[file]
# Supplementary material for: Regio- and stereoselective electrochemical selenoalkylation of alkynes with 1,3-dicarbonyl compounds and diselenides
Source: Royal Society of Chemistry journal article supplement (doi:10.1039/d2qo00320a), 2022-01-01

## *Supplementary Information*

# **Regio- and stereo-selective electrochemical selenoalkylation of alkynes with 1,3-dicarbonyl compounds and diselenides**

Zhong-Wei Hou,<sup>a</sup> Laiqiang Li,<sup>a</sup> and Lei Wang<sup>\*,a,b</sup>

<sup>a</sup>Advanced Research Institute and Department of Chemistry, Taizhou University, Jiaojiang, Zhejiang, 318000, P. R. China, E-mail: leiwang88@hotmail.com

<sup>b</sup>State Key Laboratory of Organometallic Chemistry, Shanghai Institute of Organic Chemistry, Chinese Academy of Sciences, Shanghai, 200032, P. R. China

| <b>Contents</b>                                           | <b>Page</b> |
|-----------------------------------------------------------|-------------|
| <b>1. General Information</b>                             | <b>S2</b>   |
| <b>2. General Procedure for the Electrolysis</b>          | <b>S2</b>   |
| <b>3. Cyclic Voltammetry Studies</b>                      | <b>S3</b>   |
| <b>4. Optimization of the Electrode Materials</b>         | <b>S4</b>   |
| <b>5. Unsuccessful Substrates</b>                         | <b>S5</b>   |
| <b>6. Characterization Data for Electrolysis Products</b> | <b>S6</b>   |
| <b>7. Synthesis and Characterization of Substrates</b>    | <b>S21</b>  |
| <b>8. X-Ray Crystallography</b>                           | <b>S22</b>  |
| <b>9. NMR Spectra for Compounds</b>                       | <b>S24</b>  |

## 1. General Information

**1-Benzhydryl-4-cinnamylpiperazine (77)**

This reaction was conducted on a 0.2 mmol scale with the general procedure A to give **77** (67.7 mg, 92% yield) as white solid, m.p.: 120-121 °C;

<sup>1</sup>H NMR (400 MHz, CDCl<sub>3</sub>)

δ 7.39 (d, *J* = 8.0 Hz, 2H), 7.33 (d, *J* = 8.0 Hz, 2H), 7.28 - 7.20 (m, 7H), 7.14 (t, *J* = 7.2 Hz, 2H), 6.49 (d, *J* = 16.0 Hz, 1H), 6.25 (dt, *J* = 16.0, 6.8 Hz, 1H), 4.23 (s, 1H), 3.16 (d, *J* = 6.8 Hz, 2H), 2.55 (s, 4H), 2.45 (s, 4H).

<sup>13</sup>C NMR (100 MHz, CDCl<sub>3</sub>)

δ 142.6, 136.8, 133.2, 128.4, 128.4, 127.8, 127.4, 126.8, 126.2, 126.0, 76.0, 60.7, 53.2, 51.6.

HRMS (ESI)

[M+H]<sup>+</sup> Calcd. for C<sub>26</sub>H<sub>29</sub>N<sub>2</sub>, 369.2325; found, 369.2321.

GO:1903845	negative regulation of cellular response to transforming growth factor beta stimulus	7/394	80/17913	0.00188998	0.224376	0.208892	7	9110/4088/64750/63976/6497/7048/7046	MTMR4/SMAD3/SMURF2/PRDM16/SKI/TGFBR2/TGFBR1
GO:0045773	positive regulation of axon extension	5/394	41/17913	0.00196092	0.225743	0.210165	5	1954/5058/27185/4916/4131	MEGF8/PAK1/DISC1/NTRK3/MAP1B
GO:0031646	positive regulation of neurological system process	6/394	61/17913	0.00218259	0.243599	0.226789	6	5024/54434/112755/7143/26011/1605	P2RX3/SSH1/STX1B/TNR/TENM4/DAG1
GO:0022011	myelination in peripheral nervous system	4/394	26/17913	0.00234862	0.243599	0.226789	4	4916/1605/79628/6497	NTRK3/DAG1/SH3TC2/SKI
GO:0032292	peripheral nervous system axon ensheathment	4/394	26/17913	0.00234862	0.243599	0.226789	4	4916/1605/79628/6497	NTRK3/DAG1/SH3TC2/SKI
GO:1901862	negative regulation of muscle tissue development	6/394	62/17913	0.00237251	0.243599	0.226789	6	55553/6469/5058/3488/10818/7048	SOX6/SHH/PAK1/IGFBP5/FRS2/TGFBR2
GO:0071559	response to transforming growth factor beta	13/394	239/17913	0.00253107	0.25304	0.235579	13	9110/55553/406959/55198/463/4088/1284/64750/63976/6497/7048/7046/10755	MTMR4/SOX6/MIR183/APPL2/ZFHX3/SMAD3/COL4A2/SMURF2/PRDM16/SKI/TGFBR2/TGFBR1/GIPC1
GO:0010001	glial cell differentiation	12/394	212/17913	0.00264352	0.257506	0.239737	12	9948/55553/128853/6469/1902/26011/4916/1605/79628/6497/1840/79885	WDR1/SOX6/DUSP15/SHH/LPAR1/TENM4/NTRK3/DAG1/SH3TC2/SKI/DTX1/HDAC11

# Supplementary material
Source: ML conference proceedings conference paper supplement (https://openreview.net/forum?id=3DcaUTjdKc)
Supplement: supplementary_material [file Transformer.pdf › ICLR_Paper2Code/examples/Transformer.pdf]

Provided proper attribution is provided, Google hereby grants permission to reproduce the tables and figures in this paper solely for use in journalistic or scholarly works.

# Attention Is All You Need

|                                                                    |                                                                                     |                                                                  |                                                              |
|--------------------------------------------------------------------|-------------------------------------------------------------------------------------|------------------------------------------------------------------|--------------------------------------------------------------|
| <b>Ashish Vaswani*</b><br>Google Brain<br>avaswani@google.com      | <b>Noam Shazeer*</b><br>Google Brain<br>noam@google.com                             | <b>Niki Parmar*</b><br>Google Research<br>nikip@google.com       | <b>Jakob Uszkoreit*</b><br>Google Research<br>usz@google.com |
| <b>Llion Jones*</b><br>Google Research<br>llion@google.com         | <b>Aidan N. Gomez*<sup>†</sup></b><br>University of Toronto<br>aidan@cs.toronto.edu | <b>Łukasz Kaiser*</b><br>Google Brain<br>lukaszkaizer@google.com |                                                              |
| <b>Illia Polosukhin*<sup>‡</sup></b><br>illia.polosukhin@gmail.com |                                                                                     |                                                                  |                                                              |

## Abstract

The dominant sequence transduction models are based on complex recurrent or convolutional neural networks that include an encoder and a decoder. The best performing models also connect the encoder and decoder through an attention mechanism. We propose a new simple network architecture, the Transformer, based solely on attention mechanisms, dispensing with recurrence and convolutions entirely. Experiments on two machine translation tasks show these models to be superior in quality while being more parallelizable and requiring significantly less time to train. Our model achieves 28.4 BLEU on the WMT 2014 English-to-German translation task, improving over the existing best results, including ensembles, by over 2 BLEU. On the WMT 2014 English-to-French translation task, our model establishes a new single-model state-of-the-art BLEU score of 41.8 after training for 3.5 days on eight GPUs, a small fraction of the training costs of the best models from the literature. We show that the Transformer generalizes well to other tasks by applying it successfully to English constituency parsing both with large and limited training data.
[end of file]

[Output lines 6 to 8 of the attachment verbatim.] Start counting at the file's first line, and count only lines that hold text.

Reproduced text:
<sup>a</sup>Advanced Research Institute and Department of Chemistry, Taizhou University, Jiaojiang, Zhejiang, 318000, P. R. China, E-mail: leiwang88@hotmail.com

<sup>b</sup>State Key Laboratory of Organometallic Chemistry, Shanghai Institute of Organic Chemistry, Chinese Academy of Sciences, Shanghai, 200032, P. R. China

| <b>Contents</b>                                           | <b>Page</b> |